of a disassembled body: a nose, a breast, an ear, and so on. The
patients wear straightjacket dresses, and Giselle appears in a full
head wrap, presumably post-lobotomy. Within this over-the-top setting,
there is strong unison dancing, which, although enjoyable to watch,
does not evoke the torment of infirm minds. Solo sections danced
by these "esprits malades" depict these women's plights without
frenzy. With Ek's gift for expressive gesture, these women could
have been fiercer, or angrier, or more deranged, or perhaps, more
enlightened. At one point the lead dancer of the group of patients
lies prone on the floor, shaking, which comes across as cliched
in the context of such otherwise inventive choreography.
Ek's movement, while
sometimes purposefully awkward and jarring, nonetheless retains
a fluidity and grace, especially when danced by a company with such
exquisite classical training. The dancers' flawless technique perfects
the movement, sometimes to a fault. For example, when the peasants
are making love in the fields, the second position grands plies
of the couples could have been measured at an exact 90 degrees.
No real lustiness there! One wonders, given the setting, why they
were not frolicking by the seaside, pulling fruits from trees and
That said, the dancers
of the POB throw themselves into Ek's vocabulary with remarkable
energy. The company is a joy to watch. Perhaps in interpreting modern
movement, these dancers possess such refined grace that it is difficult
to achieve the magic that a certain edginess and weight can evoke.
One could liken it to trying to distress a silk gown, with the result
still being more beautiful than deeply expressive. The inventiveness
of Ek's choreography has tremendous dramatic potential, with the
right mix of technique and daring. The decisive, sustained gestures
that Ek uses to move the story along require a rooted, weighty quality
which is sometimes missing. Some recognizable Graham-like contractions
and back falls also appear, but the movements are executed as shapes,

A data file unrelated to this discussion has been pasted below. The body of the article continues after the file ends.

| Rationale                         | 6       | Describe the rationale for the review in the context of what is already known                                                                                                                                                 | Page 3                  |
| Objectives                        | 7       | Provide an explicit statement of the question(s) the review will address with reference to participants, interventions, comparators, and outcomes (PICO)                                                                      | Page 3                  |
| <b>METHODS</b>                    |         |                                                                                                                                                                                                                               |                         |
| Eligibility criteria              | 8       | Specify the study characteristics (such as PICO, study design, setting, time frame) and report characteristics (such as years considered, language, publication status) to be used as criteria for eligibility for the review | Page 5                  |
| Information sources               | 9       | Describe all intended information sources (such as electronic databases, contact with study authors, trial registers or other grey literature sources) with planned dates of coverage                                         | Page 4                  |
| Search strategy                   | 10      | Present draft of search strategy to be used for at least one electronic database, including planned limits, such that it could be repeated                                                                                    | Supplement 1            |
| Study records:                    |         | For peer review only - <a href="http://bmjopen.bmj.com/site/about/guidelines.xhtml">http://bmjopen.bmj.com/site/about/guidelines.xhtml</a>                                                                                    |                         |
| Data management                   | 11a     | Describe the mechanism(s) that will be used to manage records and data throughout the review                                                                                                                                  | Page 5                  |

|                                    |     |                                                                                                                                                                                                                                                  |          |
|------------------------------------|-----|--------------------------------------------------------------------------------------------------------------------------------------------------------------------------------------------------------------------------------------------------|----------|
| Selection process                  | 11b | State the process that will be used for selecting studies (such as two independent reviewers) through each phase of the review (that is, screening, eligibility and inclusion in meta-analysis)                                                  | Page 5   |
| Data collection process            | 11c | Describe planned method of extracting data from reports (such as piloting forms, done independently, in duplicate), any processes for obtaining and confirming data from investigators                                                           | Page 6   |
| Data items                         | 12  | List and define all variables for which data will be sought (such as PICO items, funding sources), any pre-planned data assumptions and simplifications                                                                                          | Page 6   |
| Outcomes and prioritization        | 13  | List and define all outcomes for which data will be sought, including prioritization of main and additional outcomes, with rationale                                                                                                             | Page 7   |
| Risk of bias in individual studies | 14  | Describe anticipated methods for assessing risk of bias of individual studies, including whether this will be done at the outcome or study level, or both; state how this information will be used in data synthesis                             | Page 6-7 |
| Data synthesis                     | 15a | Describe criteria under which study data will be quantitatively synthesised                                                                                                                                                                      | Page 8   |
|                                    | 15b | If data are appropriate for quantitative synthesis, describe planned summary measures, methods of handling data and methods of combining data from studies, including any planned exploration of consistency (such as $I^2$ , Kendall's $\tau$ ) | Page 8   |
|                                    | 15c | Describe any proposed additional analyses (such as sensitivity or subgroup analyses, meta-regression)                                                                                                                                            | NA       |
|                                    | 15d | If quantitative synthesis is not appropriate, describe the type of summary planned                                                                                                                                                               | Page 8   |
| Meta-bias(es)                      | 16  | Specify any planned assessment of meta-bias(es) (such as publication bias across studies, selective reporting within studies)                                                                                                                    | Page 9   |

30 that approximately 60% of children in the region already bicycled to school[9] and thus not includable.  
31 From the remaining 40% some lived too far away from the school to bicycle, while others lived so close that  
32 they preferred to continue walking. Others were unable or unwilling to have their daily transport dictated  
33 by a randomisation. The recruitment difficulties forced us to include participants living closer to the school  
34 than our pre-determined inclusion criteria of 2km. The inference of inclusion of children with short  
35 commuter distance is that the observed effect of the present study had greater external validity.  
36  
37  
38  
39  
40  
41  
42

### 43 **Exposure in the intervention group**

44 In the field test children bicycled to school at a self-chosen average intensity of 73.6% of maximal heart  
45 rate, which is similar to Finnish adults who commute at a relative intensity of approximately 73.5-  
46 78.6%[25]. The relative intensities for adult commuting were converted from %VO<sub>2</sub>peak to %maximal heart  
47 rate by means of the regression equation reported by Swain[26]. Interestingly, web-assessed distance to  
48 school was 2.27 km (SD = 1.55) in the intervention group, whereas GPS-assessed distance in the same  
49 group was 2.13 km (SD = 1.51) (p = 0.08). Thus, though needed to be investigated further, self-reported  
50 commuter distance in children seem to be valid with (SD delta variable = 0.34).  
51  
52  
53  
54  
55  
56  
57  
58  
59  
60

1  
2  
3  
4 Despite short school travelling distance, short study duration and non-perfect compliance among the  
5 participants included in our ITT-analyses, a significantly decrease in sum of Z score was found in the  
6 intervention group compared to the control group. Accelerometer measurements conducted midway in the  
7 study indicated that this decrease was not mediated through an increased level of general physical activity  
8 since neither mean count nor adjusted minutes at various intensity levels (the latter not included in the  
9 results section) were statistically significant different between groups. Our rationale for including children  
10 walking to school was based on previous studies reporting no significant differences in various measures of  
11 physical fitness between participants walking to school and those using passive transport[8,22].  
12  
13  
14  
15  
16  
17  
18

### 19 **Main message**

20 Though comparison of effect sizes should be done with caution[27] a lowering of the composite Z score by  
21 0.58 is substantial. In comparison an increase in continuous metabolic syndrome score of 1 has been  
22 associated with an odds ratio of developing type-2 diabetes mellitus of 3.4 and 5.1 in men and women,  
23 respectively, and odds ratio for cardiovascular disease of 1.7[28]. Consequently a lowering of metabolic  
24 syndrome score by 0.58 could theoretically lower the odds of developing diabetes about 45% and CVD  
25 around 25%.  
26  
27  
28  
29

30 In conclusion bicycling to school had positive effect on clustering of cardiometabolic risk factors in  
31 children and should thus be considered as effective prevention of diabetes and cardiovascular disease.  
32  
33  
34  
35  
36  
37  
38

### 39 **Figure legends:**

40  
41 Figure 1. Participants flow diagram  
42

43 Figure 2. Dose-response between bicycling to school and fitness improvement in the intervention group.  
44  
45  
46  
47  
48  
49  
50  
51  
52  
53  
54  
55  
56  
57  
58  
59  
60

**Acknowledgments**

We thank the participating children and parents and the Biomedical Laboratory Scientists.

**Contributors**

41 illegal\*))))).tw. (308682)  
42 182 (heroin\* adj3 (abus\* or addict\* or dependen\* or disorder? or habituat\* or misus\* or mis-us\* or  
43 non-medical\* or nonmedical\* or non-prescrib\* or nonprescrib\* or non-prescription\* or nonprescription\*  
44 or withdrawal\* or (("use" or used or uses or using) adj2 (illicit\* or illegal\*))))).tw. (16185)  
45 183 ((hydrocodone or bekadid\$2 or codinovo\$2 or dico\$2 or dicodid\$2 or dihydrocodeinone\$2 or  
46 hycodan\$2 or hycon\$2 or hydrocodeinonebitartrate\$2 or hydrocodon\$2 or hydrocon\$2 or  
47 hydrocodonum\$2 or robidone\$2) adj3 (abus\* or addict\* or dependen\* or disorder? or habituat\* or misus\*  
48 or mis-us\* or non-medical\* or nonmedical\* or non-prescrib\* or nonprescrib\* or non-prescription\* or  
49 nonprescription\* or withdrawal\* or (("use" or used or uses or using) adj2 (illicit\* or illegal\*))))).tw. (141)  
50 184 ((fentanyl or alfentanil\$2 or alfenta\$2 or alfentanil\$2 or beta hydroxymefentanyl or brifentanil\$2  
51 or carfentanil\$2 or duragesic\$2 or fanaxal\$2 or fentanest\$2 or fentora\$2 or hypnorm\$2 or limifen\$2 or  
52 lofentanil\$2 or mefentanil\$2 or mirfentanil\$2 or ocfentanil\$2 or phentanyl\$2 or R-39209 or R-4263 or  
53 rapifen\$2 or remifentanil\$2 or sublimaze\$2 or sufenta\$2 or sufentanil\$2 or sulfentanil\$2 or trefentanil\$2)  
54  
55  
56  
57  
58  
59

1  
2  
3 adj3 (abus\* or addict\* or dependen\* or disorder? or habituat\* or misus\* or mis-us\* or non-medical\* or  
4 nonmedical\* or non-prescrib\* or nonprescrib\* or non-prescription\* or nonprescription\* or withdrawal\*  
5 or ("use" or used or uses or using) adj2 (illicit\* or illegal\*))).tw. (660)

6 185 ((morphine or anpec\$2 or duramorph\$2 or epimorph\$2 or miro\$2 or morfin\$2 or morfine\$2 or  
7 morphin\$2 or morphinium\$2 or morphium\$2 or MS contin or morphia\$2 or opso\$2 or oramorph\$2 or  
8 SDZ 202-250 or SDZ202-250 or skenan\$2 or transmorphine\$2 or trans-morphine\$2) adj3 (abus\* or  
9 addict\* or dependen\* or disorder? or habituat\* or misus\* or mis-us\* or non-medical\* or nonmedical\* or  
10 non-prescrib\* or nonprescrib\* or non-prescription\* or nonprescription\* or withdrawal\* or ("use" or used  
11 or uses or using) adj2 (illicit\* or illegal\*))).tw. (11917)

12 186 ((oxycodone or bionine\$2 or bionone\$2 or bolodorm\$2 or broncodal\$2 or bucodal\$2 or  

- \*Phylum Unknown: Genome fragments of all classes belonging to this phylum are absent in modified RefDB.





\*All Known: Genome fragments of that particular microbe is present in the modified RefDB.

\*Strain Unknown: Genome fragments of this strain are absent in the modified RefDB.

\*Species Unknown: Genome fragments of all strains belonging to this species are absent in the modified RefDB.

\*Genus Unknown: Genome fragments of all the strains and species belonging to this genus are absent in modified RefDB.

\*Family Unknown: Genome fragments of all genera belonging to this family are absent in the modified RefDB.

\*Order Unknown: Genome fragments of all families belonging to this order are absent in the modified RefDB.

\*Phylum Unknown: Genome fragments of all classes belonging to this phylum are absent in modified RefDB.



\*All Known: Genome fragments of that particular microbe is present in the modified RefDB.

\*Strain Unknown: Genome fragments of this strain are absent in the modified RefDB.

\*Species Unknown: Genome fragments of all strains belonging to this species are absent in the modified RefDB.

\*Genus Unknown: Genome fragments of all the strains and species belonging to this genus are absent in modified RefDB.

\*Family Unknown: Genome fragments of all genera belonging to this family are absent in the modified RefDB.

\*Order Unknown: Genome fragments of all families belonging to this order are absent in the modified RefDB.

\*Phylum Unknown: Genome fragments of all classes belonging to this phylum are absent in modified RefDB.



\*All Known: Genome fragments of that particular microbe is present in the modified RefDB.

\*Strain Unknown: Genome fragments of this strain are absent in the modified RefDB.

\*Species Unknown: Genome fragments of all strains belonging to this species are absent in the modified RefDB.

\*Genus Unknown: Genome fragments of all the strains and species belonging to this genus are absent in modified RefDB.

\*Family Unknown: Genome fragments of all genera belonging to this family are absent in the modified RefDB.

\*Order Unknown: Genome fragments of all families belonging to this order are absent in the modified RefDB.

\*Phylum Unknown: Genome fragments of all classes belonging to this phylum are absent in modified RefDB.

approached from the outside rather than from breath and internal
For Giselle, Ek has
chosen a melange of simple, childlike gestures and long phrases
of nonstop, complex movement. The statuesque and lithely ferocious
Marie-Agnes Gillot, Giselle in the performance of May 21, interprets
this array of movement with alacrity. When Giselle is sad, disappointed,
or lonely, she simply hunches over, arms dangling, head hung, like
a dog being reprimanded. Her V-shaped sweeping arm gestures, extended
as if to smooth the air before her, are a repeated theme of longing.
Her joy and exuberance are expressed in a particularly striking
series of grand jetes around the space, in which Gillot flies into
the air with perfect abandon, only to land and fly again. Her jetes
starkly contrast those executed in unison by Bathilde's group, who
leap in the proper, aristocratic lines befitting their characters.
Despite her tremendous
grace and angelic beauty, Gillot manages to create an almost goofy,
childlike quality though Ek's vocabulary. Her physical size actually
accentuates this quality, as she towers over others, yet cowers
before them, like an overgrown child. Gillot carves and scoops the
space, extending her long limbs in arcs that embrace the entire
stage space. She articulates quick, quirky arm gestures and sudden